I'm not entirely sure where Gene is inferring that Axiom is saying to reject an 3rd party measurements though :confused: I didn't read anything in that blog post about measurements at all. All I saw was some vague advice to listen for stand-up double bass runs, which is fine. I didn't see anything indicating to reject measurements though. Measurements weren't mentioned. If it were actually an article about subwoofer design (which it isn't, again, poorly worded title), then measurements ought to be talked about. But I think Gene is inferring something that was not stated or implied in that blog post when he says that Axiom is saying to reject objective measurements. I didn't get that message at all from the text itself :confused:

    It's just a blog post, written by Amie, and clearly just some musings on really basic design goals that a speaker maker might aim for at the outset of designing a new subwoofer. There's nothing wrong with the notion that a subwoofer maker might be aiming for smooth, linear, articulate bass, even if it is not as immediately impressive due to not being as loud as another sub or because a sub with a mid-bass hump will immediately stand out for its "hit you in the chest" tactile impact. But that's not the design of a sub, it's just a basic sort of goal that a subwoofer maker might set out to try and achieve at the very beginning of the process. It's got a poor title, but I don't think anyone here should be coming at it with any sort of scorn. If it simply had a more appropriate title, nobody would think anything of it.
  7. gene Audioholics Master Chief Administrator

    gene
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    It's pretty clear to me that they are saying reviewers don't qualify with measurements why one sub is better than another. Also the whole tone of the article is to trust your ears over anything else using music, and of course you can't compare subs unless its done blind, which again is ridiculous.
    gene,
  8. MinusTheBear Audioholic Ninja

    MinusTheBear
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    The whole article is a playbook out of Bose. It's quite sad actually because when I was first introduced to them I thought they were actually a serious, technical audio company.

    I don't think most people would have a problem with it but Axiom always claims cutting end research and technology, yet can't provide or have anyone reproduce consistent results with their products. They seem to live in their own audio la la land.

    It's always:

    1) Reviewers don't know how to measure products
    2) They don't have the proper equipment
    3) People don't understand measurements - the irony is Axiom doesn't understand comb filtering measurements. Their view doesn't jive and is taken out of context with Floyd Toole's research which shows that some of their driver complements are actually detrimental to accurate loudspeaker reproduction.
    4) When asked for measurements, use your ear. When judging Axiom products vs. a product someone subjectively likes better, you can't verify which is truly better without proper testing, measurements and double-blind conditions.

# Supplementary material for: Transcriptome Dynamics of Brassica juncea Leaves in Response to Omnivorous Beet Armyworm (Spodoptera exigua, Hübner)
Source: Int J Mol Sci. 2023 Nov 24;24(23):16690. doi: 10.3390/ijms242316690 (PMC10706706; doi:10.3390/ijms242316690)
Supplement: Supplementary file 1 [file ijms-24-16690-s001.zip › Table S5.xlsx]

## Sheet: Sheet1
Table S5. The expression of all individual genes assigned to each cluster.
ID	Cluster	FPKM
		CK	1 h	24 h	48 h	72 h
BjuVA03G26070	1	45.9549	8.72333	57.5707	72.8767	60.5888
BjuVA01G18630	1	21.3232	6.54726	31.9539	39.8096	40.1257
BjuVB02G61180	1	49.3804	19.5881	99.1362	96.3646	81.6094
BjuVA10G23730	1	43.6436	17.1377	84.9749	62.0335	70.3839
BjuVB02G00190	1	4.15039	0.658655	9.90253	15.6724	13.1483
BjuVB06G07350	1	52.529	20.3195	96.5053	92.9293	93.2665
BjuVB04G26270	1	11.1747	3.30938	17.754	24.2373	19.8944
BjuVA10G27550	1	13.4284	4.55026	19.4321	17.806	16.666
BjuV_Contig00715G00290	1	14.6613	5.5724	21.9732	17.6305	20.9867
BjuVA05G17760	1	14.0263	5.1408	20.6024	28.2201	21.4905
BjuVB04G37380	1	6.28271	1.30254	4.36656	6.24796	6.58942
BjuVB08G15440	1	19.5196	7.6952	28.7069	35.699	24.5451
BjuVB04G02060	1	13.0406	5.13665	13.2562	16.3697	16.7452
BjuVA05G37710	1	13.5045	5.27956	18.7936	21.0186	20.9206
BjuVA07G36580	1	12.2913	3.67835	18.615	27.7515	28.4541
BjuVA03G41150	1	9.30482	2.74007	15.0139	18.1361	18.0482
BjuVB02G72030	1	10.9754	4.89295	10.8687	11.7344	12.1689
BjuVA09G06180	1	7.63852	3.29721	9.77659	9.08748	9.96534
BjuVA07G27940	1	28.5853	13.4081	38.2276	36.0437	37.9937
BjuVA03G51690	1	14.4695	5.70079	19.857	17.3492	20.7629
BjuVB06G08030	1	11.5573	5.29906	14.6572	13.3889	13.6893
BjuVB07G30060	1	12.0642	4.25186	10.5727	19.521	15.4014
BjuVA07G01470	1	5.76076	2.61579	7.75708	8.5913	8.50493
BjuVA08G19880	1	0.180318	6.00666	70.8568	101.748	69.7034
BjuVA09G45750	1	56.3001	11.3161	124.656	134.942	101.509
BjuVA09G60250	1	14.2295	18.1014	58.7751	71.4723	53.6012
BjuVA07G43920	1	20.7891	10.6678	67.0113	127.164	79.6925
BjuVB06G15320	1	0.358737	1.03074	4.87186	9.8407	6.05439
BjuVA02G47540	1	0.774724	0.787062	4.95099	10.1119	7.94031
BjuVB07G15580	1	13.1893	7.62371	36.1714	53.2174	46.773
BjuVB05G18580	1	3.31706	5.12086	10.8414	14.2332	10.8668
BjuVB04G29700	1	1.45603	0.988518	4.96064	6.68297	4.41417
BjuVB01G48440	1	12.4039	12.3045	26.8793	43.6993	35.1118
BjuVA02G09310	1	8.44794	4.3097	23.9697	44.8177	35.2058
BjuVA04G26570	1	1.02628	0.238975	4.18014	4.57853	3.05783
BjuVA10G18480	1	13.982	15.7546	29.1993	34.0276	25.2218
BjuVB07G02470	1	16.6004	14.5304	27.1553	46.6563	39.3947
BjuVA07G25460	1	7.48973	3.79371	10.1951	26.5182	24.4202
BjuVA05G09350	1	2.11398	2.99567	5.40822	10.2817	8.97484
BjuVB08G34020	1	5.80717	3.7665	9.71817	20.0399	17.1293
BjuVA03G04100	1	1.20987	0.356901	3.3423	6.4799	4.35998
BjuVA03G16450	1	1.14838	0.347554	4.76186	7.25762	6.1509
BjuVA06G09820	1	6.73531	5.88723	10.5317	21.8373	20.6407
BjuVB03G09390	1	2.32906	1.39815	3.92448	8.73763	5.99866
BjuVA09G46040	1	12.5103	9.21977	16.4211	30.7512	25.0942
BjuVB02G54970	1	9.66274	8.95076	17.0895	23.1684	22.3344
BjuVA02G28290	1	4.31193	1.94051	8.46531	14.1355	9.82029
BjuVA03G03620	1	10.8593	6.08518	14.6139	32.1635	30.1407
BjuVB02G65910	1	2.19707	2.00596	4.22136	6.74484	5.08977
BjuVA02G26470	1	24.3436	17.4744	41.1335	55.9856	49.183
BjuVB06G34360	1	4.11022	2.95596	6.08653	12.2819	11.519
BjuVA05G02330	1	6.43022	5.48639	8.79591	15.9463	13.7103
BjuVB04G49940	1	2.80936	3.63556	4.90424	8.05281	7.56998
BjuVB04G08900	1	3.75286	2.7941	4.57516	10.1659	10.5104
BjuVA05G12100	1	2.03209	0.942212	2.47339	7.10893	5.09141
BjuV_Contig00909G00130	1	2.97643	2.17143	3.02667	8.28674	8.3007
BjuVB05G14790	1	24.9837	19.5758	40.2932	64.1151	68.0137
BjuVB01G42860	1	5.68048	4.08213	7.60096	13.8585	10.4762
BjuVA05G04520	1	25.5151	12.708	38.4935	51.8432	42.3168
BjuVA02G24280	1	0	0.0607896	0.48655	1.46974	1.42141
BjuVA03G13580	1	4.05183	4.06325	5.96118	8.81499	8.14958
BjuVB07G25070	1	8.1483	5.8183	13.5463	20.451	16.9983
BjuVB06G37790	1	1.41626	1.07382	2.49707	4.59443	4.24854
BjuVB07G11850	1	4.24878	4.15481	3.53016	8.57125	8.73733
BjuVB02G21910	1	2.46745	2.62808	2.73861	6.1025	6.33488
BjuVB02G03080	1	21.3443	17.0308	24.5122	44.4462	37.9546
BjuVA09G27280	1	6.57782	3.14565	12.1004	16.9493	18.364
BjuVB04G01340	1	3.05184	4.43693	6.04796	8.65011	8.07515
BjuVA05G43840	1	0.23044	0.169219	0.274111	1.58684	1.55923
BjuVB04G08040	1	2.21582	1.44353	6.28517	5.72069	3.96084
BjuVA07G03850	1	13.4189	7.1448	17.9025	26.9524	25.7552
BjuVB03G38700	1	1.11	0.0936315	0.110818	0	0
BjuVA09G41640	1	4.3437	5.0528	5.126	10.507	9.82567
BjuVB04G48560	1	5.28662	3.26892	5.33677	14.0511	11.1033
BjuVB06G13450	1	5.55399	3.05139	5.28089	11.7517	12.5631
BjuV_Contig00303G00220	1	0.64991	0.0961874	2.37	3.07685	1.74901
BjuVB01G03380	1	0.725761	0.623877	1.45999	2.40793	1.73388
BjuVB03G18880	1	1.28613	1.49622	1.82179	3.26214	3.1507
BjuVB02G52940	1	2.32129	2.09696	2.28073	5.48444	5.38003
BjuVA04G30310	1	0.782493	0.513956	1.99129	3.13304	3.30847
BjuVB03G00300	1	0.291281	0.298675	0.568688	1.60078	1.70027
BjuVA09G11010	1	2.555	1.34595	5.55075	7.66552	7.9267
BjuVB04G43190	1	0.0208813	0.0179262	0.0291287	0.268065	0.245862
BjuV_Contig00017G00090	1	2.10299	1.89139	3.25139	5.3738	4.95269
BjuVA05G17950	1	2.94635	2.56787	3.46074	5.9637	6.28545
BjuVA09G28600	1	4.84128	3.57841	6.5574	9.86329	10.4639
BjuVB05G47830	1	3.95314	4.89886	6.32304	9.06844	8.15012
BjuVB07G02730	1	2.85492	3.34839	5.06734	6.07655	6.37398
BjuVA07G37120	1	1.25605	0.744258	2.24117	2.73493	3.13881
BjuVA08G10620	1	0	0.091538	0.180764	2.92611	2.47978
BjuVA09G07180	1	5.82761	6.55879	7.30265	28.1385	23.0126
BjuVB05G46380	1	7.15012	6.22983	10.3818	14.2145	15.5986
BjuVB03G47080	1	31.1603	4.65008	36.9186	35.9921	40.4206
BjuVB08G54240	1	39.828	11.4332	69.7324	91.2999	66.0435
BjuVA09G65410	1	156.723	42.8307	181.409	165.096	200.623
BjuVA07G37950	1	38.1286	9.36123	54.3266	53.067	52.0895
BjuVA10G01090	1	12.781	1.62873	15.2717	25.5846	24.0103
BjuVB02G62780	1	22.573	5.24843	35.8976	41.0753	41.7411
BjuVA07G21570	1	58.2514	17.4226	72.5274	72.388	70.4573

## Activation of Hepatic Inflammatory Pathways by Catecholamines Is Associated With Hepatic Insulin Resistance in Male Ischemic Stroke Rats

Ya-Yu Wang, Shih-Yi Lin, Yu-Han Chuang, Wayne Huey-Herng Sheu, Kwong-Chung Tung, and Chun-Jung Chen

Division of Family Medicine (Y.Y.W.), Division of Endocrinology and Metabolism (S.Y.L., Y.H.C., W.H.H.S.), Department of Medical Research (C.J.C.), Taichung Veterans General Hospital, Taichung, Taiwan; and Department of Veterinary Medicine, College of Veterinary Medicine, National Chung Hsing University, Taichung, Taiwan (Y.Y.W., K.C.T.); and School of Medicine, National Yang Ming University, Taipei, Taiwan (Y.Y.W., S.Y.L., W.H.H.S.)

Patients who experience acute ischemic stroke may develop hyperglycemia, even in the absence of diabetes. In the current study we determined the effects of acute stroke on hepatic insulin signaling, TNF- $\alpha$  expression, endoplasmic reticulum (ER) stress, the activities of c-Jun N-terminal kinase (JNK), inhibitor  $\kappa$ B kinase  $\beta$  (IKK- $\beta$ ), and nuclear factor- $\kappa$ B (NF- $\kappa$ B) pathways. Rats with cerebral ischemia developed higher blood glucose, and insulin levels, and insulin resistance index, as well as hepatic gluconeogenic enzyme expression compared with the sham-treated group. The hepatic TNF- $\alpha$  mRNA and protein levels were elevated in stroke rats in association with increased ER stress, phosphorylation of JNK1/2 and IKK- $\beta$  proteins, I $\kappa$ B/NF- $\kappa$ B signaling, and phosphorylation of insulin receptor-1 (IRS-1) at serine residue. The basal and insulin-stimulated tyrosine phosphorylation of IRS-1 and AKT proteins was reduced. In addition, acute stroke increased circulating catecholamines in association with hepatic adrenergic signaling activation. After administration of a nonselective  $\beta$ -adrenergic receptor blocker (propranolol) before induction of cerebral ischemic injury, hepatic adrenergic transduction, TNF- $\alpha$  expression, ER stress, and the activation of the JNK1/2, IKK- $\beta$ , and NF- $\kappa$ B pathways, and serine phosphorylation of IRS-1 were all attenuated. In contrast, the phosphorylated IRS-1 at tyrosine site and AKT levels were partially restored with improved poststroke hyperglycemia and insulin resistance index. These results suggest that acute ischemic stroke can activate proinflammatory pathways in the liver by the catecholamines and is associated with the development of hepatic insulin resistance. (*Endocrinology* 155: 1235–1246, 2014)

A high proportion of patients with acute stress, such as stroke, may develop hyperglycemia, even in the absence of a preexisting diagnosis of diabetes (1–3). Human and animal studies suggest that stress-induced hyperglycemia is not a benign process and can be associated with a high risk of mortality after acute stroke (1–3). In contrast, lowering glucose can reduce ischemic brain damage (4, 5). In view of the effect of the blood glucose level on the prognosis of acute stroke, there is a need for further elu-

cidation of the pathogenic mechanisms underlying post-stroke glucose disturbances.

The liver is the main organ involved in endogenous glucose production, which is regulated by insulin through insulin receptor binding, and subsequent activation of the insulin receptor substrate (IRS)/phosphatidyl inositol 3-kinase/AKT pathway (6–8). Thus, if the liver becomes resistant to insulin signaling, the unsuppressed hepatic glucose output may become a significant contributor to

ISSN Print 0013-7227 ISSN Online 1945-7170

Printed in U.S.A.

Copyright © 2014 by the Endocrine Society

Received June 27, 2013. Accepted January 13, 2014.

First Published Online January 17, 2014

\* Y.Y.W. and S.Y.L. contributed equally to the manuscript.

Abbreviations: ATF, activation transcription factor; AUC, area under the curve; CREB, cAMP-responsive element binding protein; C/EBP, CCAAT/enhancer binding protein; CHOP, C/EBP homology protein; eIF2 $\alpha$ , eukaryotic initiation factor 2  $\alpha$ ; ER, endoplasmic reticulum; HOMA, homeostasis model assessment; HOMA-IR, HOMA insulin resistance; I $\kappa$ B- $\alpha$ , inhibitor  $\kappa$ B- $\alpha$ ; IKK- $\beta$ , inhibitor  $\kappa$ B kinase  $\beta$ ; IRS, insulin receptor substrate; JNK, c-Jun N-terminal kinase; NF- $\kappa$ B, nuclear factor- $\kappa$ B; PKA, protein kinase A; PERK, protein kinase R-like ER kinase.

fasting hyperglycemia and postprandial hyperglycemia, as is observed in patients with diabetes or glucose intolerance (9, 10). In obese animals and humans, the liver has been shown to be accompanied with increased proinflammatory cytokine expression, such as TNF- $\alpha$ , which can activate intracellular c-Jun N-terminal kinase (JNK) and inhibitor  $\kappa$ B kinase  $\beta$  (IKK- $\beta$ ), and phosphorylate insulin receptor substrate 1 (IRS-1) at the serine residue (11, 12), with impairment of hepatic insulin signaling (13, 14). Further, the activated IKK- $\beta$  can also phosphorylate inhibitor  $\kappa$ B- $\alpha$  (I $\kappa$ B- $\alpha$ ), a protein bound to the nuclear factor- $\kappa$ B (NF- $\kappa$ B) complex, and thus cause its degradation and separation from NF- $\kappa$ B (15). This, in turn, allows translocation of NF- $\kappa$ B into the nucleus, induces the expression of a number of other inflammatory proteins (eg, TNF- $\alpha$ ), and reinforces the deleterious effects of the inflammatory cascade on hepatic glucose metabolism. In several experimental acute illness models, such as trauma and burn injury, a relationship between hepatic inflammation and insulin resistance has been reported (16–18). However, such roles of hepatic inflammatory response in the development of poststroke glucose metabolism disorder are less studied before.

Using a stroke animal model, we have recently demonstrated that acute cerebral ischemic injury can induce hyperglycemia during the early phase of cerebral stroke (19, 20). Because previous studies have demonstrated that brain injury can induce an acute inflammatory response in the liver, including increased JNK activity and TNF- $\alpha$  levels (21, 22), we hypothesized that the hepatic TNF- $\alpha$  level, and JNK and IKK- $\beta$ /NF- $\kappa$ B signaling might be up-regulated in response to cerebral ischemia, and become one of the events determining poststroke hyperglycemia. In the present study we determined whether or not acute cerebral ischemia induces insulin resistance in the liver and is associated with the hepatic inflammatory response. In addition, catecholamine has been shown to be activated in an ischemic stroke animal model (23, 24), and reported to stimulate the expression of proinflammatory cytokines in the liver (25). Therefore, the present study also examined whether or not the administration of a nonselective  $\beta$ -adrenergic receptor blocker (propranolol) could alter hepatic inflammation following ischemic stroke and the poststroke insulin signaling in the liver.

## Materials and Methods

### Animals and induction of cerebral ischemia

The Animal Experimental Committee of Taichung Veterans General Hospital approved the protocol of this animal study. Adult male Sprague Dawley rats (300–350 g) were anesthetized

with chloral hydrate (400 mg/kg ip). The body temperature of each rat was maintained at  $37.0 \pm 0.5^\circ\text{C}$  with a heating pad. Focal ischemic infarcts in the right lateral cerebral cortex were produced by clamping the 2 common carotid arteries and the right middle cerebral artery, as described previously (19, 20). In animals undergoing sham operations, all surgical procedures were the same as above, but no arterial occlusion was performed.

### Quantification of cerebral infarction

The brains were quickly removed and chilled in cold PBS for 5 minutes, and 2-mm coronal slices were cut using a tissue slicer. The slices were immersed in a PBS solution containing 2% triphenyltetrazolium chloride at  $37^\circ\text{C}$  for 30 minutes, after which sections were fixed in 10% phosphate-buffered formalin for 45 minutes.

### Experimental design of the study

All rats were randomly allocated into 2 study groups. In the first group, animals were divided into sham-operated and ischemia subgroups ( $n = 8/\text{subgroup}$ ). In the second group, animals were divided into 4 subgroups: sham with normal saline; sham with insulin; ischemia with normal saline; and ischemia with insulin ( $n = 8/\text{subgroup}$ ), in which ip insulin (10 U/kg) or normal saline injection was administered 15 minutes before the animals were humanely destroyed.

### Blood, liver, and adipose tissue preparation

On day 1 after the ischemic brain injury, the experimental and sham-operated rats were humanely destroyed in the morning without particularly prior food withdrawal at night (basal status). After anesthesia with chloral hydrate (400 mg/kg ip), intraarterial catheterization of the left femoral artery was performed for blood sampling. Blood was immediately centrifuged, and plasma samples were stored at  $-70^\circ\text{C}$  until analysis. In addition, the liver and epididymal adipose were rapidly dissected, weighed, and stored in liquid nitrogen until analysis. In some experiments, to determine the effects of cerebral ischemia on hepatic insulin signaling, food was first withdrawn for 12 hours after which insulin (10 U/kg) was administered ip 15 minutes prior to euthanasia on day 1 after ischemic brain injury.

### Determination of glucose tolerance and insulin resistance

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  9. gene Audioholics Master Chief Administrator

    gene
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    Interestingly enough, their whole jargon about being part of the research at the NRC with Dr. Floyd Toole isn't even accurate. All of that research was done by Floyd and his team years before Axiom ever entered the NRC. I was told this directly by Floyd himself!
    gene,
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  10. gtpsuper24 Full Audioholic

    gtpsuper24
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    Marketing company that just happens to make speakers? Its the ID version of Bo$e, I bet Axioms products have a HUGE profit margin built in, I would guess probably more than any other ID brand out there.

    Isn't it easier to just make a great product, instead of having a PR dept. defend the products and make them out to be something there not? Produce a product you can be proud of not hide been smoke and mirrors and fooling people.
  11. MinusTheBear Audioholic Ninja

    MinusTheBear
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    I don't have a problem with companies making money. If they take in huge profit margins, congratulations to them. The parts quality used in Axiom speakers are inexpensive (woofers, tweeters, crossover parts) and are foreign manufactured. However, they do have domestic labor for cabinet building and assembly so it might offset a bit where you have other speakers with more expensive parts and exotic cabinets with nicer finishes being employed but all manufactured and assembled with foreign labor.

    I was under the impression for ID companies, the going profit margin is 5 times the total cost built into producing a single speaker.
  12. gtpsuper24 Full Audioholic

    gtpsuper24
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    Sure I have no problem with a company making a profit, but with Axiom it seems that they take so many shortcuts and really low quality parts to make a profit.
  13. MinusTheBear Audioholic Ninja

    MinusTheBear
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    Gene. You should come up with in-depth educational article exploring the world of comb filtering - why some forms of comb filtering is more detrimental than others. I know you have touched on comb filtering and the listening environment but how about comb filtering effects and their potential audibilty occurring among driver layouts of a loudspeaker themselves.
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  14. gtpsuper24 Full Audioholic

    gtpsuper24